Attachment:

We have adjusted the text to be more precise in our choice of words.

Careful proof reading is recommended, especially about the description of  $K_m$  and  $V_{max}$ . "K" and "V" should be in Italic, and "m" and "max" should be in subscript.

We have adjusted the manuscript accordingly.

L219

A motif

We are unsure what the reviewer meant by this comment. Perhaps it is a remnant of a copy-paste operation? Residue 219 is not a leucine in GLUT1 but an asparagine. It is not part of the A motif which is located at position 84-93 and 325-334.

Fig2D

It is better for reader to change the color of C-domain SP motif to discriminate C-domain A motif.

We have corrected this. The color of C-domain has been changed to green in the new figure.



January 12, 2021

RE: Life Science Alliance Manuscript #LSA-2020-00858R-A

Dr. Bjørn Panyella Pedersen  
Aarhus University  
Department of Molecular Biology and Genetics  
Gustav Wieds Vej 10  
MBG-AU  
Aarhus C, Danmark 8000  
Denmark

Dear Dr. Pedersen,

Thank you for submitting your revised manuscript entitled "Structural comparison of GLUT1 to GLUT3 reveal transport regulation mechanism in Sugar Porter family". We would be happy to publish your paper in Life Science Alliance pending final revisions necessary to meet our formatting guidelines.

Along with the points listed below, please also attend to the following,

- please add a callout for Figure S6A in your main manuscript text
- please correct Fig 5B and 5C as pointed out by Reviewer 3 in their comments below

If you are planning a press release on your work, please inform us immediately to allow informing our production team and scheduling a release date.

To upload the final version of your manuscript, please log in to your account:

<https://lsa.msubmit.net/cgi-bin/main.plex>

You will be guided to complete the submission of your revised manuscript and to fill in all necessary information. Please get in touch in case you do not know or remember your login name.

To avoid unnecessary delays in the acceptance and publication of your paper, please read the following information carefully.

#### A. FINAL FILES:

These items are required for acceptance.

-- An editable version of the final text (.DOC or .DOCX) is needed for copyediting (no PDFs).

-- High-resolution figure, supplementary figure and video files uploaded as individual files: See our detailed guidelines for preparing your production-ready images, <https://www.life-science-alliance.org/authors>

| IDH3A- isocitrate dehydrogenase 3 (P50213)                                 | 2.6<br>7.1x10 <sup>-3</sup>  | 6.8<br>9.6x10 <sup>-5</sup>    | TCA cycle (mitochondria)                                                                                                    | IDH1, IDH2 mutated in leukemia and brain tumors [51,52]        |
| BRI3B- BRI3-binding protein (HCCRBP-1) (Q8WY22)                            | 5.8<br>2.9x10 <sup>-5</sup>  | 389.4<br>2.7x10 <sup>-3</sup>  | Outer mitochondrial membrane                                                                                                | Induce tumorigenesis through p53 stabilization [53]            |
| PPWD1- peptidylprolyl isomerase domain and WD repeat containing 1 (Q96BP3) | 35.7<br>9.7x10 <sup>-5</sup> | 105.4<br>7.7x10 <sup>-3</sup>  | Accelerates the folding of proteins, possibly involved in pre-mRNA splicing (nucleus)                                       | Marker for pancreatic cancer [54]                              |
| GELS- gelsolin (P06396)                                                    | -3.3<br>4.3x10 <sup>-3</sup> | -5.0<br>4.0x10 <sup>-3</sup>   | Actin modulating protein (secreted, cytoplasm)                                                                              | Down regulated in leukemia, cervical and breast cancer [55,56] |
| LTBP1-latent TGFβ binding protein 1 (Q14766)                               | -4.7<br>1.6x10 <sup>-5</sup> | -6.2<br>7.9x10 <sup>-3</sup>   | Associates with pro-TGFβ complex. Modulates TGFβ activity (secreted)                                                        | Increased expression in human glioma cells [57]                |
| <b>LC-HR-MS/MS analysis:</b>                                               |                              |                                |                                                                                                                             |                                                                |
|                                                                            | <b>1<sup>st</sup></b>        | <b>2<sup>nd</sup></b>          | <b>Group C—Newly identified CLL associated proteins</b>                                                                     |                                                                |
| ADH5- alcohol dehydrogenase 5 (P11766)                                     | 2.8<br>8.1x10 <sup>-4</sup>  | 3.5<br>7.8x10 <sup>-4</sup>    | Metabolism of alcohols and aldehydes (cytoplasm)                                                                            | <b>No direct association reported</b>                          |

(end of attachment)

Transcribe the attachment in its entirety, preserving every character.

We have adjusted the text to be more precise in our choice of words.

Careful proof reading is recommended, especially about the description of  $K_m$  and  $V_{max}$ . "K" and "V" should be in Italic, and "m" and "max" should be in subscript.

We have adjusted the manuscript accordingly.

L219

A motif

We are unsure what the reviewer meant by this comment. Perhaps it is a remnant of a copy-paste operation? Residue 219 is not a leucine in GLUT1 but an asparagine. It is not part of the A motif which is located at position 84-93 and 325-334.

Fig2D

It is better for reader to change the color of C-domain SP motif to discriminate C-domain A motif.

We have corrected this. The color of C-domain has been changed to green in the new figure.



January 12, 2021

RE: Life Science Alliance Manuscript #LSA-2020-00858R-A

Dr. Bjørn Panyella Pedersen  
Aarhus University  
Department of Molecular Biology and Genetics  
Gustav Wieds Vej 10  
MBG-AU  
Aarhus C, Danmark 8000  
Denmark

Dear Dr. Pedersen,

Thank you for submitting your revised manuscript entitled "Structural comparison of GLUT1 to GLUT3 reveal transport regulation mechanism in Sugar Porter family". We would be happy to publish your paper in Life Science Alliance pending final revisions necessary to meet our formatting guidelines.

Along with the points listed below, please also attend to the following,

- please add a callout for Figure S6A in your main manuscript text
- please correct Fig 5B and 5C as pointed out by Reviewer 3 in their comments below

If you are planning a press release on your work, please inform us immediately to allow informing our production team and scheduling a release date.

To upload the final version of your manuscript, please log in to your account:

<https://lsa.msubmit.net/cgi-bin/main.plex>

You will be guided to complete the submission of your revised manuscript and to fill in all necessary information. Please get in touch in case you do not know or remember your login name.

To avoid unnecessary delays in the acceptance and publication of your paper, please read the following information carefully.

#### A. FINAL FILES:

These items are required for acceptance.

-- An editable version of the final text (.DOC or .DOCX) is needed for copyediting (no PDFs).

-- High-resolution figure, supplementary figure and video files uploaded as individual files: See our detailed guidelines for preparing your production-ready images, <https://www.life-science-alliance.org/authors>

| IDH3A- isocitrate dehydrogenase 3 (P50213)                                 | 2.6<br>7.1x10 <sup>-3</sup>  | 6.8<br>9.6x10 <sup>-5</sup>    | TCA cycle (mitochondria)                                                                                                    | IDH1, IDH2 mutated in leukemia and brain tumors [51,52]        |
| BRI3B- BRI3-binding protein (HCCRBP-1) (Q8WY22)                            | 5.8<br>2.9x10 <sup>-5</sup>  | 389.4<br>2.7x10 <sup>-3</sup>  | Outer mitochondrial membrane                                                                                                | Induce tumorigenesis through p53 stabilization [53]            |
| PPWD1- peptidylprolyl isomerase domain and WD repeat containing 1 (Q96BP3) | 35.7<br>9.7x10 <sup>-5</sup> | 105.4<br>7.7x10 <sup>-3</sup>  | Accelerates the folding of proteins, possibly involved in pre-mRNA splicing (nucleus)                                       | Marker for pancreatic cancer [54]                              |
| GELS- gelsolin (P06396)                                                    | -3.3<br>4.3x10 <sup>-3</sup> | -5.0<br>4.0x10 <sup>-3</sup>   | Actin modulating protein (secreted, cytoplasm)                                                                              | Down regulated in leukemia, cervical and breast cancer [55,56] |
| LTBP1-latent TGFβ binding protein 1 (Q14766)                               | -4.7<br>1.6x10 <sup>-5</sup> | -6.2<br>7.9x10 <sup>-3</sup>   | Associates with pro-TGFβ complex. Modulates TGFβ activity (secreted)                                                        | Increased expression in human glioma cells [57]                |
| <b>LC-HR-MS/MS analysis:</b>                                               |                              |                                |                                                                                                                             |                                                                |
|                                                                            | <b>1<sup>st</sup></b>        | <b>2<sup>nd</sup></b>          | <b>Group C—Newly identified CLL associated proteins</b>                                                                     |                                                                |
| ADH5- alcohol dehydrogenase 5 (P11766)                                     | 2.8<br>8.1x10 <sup>-4</sup>  | 3.5<br>7.8x10 <sup>-4</sup>    | Metabolism of alcohols and aldehydes (cytoplasm)                                                                            | <b>No direct association reported</b>                          |